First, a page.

Contracts can a dangerous business if one of the parties fails to fulfill their obligations. In contract law, failing to fulfill the requirements of a contract is referred to as a breach of contract. A breach of contract of one party is usually a disadvantage for the other party unless that injured party is compensated in a mutually agreeable way. Contracts are usually between two people but at times a third party can be involved.
One of the essential elements of contracts is an offer and acceptance. Fredo, the owner of the Candy Restaurant in Oakland, makes Sandiman, of Sandiman Construction Ltd, an offer of $250,000 if Sandiman begins the renovation of the Candy Restaurant on exactly July 1st and completes it by August 31st. Sandiman accepts this offer. There is no evidence whether this contract has been just stated orally or if both parties signed the contract on a piece of paper. Therefore, it may have been an informal contract rather than a formal contract.
However, even though Sandiman agreed to fulfill all obligations as stated in the contract, it was not possible for him to do so. Sandiman realized that he was not able to complete all that work on time because it is just too much work to do and he also has a shortage of staff. In addition, being under a time constraint did not help matters. Sandiman stated that he would be willing to do all the work, even with the shortage of staff, if he could be given till the middle of September to complete the job. Therefore, Sandiman was trying to re negotiate the terms of the contract. What took place between Fredo and Sandiman is known in legal terms as a battle of the forms. As a result, Fredo made counteroffer to Sandiman. By making a counteroffer, Fredo made the other contract void. Therefore, under these circumstances, Fredo was not obligated to pay Sandiman $250,000.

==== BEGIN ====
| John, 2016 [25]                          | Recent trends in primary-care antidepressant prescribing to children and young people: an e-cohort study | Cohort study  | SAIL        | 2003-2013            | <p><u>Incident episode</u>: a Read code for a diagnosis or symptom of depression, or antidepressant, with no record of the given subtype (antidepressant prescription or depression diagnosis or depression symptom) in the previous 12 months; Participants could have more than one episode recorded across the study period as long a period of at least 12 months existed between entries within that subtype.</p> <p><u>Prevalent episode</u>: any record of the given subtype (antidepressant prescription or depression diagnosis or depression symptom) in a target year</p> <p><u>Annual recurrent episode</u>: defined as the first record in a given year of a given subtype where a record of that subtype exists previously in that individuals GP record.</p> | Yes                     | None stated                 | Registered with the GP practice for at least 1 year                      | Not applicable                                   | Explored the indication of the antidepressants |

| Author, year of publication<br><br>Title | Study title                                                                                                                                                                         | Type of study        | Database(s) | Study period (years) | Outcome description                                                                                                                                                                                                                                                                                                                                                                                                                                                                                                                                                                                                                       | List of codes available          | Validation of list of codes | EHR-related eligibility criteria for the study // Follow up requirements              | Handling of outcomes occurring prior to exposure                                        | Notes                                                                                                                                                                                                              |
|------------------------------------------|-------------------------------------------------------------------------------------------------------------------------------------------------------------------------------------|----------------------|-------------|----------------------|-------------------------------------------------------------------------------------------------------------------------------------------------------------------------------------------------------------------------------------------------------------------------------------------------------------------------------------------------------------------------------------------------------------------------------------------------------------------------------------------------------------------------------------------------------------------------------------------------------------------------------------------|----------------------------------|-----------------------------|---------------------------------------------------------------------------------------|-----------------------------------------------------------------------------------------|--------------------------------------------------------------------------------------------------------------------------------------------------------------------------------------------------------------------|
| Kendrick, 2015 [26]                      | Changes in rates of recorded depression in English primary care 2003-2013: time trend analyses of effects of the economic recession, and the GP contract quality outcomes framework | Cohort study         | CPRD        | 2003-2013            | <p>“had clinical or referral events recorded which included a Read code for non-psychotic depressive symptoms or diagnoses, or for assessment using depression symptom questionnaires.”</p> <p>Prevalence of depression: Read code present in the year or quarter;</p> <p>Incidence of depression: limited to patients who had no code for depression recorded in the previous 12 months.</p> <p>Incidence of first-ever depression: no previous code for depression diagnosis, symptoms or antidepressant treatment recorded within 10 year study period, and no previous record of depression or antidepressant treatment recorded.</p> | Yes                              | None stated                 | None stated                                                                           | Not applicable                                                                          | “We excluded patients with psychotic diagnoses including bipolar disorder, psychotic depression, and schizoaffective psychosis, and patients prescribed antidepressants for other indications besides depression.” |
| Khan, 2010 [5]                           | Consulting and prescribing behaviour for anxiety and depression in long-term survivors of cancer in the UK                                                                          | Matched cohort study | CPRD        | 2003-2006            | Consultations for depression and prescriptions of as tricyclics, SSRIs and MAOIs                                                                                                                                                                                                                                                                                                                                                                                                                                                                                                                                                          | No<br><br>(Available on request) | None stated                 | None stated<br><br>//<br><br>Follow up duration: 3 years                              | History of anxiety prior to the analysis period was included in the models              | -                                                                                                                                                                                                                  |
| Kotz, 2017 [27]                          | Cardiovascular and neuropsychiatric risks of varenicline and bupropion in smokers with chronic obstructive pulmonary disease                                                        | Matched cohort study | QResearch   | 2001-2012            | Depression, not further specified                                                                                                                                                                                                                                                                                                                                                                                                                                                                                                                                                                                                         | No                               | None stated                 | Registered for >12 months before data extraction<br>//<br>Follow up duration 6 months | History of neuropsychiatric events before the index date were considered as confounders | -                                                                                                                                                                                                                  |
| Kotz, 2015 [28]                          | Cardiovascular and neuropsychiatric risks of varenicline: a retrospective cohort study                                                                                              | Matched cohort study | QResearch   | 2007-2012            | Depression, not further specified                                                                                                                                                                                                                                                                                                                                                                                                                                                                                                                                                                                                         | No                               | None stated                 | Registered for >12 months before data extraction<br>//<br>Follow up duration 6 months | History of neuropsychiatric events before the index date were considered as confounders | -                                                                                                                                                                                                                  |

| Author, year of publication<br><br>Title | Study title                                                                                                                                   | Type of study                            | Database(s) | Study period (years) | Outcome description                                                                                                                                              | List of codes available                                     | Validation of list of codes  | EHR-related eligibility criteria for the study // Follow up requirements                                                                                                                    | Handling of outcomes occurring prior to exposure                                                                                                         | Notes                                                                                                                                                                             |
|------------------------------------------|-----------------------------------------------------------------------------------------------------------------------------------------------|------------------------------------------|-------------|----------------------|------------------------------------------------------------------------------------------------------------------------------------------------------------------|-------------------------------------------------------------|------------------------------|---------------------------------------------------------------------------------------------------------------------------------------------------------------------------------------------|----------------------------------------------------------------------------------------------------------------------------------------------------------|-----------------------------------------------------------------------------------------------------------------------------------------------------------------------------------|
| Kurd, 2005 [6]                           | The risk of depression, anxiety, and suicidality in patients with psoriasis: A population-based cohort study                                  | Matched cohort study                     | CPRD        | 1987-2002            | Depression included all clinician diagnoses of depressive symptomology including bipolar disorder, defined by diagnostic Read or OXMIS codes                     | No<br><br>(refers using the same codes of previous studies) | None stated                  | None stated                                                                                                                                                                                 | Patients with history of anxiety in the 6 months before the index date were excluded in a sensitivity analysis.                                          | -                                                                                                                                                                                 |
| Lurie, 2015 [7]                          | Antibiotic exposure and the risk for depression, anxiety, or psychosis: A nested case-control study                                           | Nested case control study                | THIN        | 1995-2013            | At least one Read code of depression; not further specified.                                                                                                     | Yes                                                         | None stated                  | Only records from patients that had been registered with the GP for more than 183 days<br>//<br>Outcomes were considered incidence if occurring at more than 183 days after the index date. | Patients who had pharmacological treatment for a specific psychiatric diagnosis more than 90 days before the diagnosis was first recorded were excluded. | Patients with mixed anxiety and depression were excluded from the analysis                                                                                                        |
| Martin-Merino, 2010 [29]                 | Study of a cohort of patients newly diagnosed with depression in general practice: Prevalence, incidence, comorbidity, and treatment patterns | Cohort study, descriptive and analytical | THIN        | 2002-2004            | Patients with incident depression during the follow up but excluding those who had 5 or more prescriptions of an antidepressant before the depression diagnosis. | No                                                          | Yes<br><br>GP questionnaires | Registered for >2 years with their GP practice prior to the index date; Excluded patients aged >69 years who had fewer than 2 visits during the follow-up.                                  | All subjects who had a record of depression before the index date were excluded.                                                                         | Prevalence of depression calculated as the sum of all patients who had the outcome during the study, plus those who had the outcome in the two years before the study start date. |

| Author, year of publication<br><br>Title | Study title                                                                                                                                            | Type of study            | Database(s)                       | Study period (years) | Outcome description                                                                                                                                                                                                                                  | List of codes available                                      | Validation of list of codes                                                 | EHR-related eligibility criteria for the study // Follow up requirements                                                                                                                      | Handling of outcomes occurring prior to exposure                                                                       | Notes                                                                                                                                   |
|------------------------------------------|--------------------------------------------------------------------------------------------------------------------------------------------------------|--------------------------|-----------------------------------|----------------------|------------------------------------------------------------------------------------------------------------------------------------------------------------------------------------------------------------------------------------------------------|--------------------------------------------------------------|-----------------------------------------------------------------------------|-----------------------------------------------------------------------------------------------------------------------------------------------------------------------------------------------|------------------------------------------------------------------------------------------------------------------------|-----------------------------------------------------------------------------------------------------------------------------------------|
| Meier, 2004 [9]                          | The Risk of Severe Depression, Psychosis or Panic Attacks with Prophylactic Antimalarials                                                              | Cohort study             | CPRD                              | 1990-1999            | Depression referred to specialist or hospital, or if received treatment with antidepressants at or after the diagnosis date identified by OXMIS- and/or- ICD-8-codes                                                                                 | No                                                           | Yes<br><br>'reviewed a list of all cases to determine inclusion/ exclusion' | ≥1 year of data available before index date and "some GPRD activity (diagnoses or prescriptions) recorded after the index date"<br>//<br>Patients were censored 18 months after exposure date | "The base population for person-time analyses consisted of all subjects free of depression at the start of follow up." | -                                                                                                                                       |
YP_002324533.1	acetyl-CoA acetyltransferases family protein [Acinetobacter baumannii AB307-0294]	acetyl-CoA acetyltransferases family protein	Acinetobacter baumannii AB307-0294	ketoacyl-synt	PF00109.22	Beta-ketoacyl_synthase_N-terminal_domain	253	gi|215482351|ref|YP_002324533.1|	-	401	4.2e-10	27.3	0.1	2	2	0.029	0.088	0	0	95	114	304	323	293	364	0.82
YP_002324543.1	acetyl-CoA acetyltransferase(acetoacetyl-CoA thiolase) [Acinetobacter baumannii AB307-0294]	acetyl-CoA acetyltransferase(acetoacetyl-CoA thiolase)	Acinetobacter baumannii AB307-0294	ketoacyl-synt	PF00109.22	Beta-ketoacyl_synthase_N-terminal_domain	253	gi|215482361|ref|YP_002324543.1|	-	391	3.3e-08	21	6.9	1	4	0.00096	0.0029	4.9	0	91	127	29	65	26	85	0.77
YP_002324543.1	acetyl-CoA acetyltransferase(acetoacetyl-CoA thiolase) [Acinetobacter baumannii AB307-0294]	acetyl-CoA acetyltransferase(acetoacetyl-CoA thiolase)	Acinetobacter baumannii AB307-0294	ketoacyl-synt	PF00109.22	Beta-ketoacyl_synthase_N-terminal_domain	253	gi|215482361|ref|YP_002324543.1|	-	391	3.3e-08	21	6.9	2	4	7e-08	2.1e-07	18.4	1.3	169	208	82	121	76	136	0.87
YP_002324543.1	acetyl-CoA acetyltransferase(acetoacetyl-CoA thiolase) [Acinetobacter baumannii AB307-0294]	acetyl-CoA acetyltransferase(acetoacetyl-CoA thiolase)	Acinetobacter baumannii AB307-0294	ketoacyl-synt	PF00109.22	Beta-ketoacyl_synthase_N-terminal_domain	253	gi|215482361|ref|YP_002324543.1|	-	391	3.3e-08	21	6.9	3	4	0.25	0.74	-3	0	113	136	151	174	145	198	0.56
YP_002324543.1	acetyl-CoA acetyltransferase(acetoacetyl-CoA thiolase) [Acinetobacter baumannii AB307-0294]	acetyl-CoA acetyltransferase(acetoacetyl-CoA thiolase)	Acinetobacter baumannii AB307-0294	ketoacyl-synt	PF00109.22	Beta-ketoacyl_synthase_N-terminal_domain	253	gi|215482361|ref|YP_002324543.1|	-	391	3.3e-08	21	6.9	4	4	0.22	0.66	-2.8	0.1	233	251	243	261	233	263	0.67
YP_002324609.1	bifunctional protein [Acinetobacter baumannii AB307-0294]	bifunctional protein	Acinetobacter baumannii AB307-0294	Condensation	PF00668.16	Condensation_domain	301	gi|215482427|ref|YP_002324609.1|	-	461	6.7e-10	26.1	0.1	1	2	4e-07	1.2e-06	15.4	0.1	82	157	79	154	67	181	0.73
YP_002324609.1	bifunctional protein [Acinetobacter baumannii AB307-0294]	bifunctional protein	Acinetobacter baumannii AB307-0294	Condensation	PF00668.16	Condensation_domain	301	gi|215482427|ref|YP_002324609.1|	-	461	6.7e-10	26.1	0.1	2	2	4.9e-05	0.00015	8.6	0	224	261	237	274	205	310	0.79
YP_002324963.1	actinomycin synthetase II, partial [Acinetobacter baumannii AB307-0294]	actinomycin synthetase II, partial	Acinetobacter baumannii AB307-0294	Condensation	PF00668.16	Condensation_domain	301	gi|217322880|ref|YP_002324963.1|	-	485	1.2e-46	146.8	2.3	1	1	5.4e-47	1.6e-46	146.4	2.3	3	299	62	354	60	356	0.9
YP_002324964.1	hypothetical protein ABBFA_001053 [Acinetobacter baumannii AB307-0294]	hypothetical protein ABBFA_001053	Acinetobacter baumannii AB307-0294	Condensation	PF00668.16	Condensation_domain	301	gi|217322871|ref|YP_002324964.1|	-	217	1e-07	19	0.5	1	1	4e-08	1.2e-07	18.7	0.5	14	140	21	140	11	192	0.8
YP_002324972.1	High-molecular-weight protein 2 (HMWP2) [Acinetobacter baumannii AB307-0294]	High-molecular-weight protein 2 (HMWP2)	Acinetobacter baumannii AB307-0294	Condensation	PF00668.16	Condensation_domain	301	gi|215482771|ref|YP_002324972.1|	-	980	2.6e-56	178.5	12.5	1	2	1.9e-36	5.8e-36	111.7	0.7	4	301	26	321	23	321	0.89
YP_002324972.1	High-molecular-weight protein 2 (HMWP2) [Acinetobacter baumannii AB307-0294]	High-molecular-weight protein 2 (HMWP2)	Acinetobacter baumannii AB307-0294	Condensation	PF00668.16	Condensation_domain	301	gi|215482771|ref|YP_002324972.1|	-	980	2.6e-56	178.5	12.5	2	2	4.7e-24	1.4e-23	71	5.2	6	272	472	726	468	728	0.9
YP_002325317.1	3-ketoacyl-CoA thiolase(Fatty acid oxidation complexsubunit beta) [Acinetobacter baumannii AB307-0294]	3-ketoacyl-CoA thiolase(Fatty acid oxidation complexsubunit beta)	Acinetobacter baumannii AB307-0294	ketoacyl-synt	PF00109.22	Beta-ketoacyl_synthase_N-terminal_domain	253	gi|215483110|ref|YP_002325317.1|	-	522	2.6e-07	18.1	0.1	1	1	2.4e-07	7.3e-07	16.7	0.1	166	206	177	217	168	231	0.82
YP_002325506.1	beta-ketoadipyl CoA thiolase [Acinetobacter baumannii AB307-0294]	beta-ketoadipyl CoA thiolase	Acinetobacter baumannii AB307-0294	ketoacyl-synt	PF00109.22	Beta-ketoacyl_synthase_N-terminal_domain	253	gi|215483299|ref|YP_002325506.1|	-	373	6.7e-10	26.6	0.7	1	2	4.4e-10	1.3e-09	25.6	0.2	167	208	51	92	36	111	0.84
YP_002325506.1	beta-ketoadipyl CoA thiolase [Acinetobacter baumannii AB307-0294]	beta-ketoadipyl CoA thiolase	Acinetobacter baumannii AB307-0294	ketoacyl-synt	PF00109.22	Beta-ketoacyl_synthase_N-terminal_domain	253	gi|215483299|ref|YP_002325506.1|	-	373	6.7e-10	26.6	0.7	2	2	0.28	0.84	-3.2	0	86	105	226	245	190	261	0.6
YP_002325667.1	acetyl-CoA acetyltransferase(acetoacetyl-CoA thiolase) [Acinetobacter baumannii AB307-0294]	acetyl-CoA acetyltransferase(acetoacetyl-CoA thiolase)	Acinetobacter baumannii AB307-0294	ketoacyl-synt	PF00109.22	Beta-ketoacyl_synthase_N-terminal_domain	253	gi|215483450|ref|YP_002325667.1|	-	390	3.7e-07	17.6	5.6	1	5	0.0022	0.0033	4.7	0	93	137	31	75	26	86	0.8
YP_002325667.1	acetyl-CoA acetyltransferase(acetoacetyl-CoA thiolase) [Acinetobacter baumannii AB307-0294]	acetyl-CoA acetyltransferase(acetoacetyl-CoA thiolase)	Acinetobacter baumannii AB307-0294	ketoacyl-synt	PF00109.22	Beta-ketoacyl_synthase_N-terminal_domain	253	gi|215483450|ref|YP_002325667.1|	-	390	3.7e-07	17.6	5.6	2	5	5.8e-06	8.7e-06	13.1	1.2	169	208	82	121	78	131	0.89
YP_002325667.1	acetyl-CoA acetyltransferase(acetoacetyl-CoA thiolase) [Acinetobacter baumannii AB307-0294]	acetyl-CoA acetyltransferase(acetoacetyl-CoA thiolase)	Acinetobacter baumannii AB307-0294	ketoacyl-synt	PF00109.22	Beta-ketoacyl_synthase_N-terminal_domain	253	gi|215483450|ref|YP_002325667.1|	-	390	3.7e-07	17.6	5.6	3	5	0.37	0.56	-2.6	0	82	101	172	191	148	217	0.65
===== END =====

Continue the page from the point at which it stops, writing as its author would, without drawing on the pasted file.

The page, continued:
When making the counter offer, Fredo requests that Sandiman completes the work on time for an additional sum of 50,000, to be paid on August 31st along with the original sum of 250,000. Therefore, Fredo makes a new offer of 300,000 in exchange for the satisfaction of his requirements. However, it is important to mention that Fredo makes this counter offer through Ted who is the CEO of Sandiman Construction Ltd. When Sandiman calls and asks about speeding up the renovation process, he speaks to Ted. This counter offer is legally binding despite the fact that Fredo does not speak directly to Sandiman but makes the final negotiations through a third party. Sandiman is aware of the counter offer because he expects the additional 50,000 on August 31st. Sandiman completes the work on time. The additional sum enables Sandiman to have more staff working for him. Sandiman is right for demanding the extra payment because he accepted Fredo’s counteroffer and fulfilled his part of the obligation. By refusing to pay this sum, Fredo has breached the new contract.
Sandiman has a right to sue Fredo for the $50,000. Fredo is legally bound to pay the original sum because he has received the services. Sandiman’s option is to go to court and have the court order Fredo to pay him. By stating that he has provided the service on time, Sandiman can use the function of what is called a quasi contract to his advantage. A quasi contract would provide a legal protection for Sandiman against being treated unjustly by not being paid the required sum. By definition, a quasi contract can provide the enforcement of the originally agreed upon contract by the order of the court. A quasi contract ensures that all parties involved in the original contract are treated fairly.
The legal dispute between Fredo and Sandiman can be compared to the Goldthorpe v Logan (1943) precedent. In this case, a woman answered posted by a beauty salon that advertised the removal of facial hair. The woman went for the treatment but it failed. The woman sued the company and won. The ad served as an offer and the woman accepted the offer. Therefore, she had a contract. The ad promised to do something and it failed. In the same manner, Fredo promised to do something for Sandiman yet he failed to do so. Although Fredo did not make direct negotiations with Sandiman but rather through Ted, still he made a promise of paying the additional $50,000.
On the other hand, Fredo might understand why he is being asked for the $50,000. Obviously, he does not feel that it is his duty to pay the additional sum. Looking at this legal matter from his perspective, Fredo might be going by the original contract and the previously agreed upon terms. Although Fredo did make a counter offer to Sandiman, he was induced to it by Ted, the CEO of Sandiman Construction Ltd. Although he agreed to it, he might feel that it was not a fair bargain. He might be remembering that Sandiman has originally agreed to perform all the work on time for the previously stated amount of money. Therefore, he might be thinking that Sandiman expects what is called in legal terms as an unjust enrichment.